In the last 12 months, our agency has worked with more than 50 freelancers. Fifty. And we found almost all of them unsuitable for the job.
Going through dozens of freelancer test projects and assignments to find someone who can meet our expectations was time-consuming, costly, and exhausting. We want to save you that hassle, so based on our experience, we made this quick checklist for anyone who wants to hire a remote freelancer or become one.
Since our agency works entirely remotely, communication and responsiveness are key in keeping the projects on track. When a freelancer should be available but suddenly doesn’t respond to our emails, chat messages, calls, texts... (type any channel here), we usually call it quits on such cooperation.
Everyone is entitled to take a break from work now and then (and we encourage you to do this often!). But we would appreciate at least a few days’ notice when a person knows they won’t be available to take on new project work.
2. Effective written communication
In an asynchronous remote work setting, most communication is via written media. That’s why the ability to convey a message quickly is essential. We document all project tasks on Asana and attach screenshots and images where necessary to eliminate needless meetings and improve the communication flow.
We are happy to discuss details on video calls if needed, but we’re trying to keep them to a minimum, as a rule, to remove distraction. To ensure high-impact work, our freelancers need to be efficient communicators who don’t struggle with getting their point across.
3. High-quality standards
The fact that a freelancer works in the comfort of their own home should have no bearing on the delivered work quality. We can’t and won’t accept anything below the assumed company standard, and we require every person on our team to consistently provide excellent service.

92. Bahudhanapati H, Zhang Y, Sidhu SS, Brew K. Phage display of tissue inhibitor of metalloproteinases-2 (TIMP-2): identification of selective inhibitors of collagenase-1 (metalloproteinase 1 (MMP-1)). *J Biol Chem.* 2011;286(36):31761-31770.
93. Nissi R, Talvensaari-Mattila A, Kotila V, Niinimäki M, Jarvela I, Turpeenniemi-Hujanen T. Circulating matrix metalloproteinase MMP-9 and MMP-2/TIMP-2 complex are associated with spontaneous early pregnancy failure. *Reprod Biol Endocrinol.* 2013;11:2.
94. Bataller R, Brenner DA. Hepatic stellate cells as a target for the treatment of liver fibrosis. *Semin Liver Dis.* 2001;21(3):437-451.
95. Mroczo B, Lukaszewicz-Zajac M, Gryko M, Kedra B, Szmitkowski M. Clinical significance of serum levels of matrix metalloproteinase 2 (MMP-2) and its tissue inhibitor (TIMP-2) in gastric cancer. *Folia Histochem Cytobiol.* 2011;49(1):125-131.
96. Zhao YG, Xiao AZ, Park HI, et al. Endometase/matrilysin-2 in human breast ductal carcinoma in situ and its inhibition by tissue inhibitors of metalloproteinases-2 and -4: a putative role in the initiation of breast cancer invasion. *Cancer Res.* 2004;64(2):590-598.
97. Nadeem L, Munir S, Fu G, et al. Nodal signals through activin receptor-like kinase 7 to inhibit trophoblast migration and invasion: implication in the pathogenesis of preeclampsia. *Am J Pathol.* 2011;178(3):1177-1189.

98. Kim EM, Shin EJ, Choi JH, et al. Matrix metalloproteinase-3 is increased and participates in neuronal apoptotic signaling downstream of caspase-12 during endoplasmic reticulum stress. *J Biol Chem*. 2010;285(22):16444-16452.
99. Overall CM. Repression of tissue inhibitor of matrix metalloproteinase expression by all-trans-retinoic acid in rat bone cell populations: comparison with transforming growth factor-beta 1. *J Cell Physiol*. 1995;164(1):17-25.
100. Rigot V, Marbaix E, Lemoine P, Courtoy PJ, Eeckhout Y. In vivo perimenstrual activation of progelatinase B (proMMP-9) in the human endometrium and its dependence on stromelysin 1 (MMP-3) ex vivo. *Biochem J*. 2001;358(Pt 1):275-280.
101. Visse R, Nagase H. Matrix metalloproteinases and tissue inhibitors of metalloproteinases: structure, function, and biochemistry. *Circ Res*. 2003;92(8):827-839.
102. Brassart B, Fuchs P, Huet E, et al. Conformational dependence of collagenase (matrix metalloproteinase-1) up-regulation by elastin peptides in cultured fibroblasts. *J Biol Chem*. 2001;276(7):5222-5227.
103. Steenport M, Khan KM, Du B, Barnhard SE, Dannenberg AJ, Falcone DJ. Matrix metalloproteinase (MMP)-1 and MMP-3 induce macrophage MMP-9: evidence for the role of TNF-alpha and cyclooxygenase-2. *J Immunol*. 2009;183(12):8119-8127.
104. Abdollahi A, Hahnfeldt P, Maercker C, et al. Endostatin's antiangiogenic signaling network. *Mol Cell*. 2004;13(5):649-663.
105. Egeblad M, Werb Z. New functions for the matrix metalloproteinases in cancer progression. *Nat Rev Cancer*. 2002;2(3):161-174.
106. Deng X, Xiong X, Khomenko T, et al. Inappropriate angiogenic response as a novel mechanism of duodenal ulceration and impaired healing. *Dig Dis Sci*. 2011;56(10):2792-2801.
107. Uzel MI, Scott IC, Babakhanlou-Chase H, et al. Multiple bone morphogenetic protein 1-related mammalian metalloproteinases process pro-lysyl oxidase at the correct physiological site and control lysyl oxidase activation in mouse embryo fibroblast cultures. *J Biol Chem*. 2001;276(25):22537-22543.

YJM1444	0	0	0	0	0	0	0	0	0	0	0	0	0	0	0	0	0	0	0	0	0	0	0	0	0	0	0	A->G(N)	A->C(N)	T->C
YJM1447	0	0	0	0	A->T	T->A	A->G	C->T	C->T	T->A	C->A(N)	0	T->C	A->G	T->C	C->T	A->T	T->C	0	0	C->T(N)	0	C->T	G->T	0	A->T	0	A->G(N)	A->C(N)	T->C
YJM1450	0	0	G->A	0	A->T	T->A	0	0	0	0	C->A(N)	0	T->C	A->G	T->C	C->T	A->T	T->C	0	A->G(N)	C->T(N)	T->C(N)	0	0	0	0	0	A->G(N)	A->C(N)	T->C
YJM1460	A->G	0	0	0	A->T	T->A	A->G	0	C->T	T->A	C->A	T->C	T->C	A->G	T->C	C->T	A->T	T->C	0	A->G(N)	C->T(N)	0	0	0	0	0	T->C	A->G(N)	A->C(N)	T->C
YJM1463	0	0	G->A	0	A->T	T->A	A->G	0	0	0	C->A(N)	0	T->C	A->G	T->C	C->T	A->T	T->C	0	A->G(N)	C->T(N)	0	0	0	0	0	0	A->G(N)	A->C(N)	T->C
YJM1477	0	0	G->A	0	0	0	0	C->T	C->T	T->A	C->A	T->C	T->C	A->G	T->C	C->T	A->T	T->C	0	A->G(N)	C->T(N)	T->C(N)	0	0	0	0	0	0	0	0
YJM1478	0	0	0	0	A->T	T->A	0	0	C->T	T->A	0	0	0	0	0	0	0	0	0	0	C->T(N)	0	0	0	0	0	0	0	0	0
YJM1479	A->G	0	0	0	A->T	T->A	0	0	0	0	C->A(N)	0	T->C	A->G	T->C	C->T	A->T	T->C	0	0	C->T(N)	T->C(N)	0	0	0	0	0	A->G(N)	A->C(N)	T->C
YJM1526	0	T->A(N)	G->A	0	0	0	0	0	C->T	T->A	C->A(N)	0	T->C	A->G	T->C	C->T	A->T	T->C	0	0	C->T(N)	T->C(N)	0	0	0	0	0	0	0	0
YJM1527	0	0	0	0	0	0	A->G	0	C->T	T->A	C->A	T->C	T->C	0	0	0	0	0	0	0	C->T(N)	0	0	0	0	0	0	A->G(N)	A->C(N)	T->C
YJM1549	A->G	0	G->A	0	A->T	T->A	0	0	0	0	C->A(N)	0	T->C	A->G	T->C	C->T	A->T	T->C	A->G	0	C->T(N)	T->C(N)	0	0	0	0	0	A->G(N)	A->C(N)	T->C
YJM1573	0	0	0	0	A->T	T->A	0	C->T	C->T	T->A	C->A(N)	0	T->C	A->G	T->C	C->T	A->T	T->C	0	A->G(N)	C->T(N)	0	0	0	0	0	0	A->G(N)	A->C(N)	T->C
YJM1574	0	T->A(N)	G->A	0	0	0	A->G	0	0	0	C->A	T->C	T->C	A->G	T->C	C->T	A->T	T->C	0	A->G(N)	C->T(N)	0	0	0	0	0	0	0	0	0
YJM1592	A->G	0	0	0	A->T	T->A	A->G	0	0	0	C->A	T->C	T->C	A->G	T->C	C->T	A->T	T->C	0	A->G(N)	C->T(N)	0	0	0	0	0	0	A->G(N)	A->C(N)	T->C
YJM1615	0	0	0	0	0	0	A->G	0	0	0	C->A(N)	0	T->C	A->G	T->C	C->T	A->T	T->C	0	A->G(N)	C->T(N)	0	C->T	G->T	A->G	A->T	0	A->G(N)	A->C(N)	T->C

Here’s the deal - we don’t micromanage, and we’re not interested in hovering over a freelancer’s shoulder, checking up on his or her every move. In return, all freelancers working with us should work independently, without too much hand-holding and supervision. If they don’t understand the brief, we expect them to be proactive and get in touch with the person who assigned the task to get more details before going on with their work.
4. Fast turnarounds
At 6Minded, every freelancer has a small but significant part to play in a larger project. We appreciate as fast a turnaround as possible so that the next person can start working on the following stage of the project. If a person cannot deliver their batch of work quickly enough, we expect them to let us know about it as soon as possible so that we can look for a replacement.
Being freelancers ourselves, we genuinely understand how crucial it is to set achievable deadlines and meet them. And we expect people we work with to do the same. In return, we apply the same rule to payments — when we get invoiced for someone’s work, we immediately settle the bill.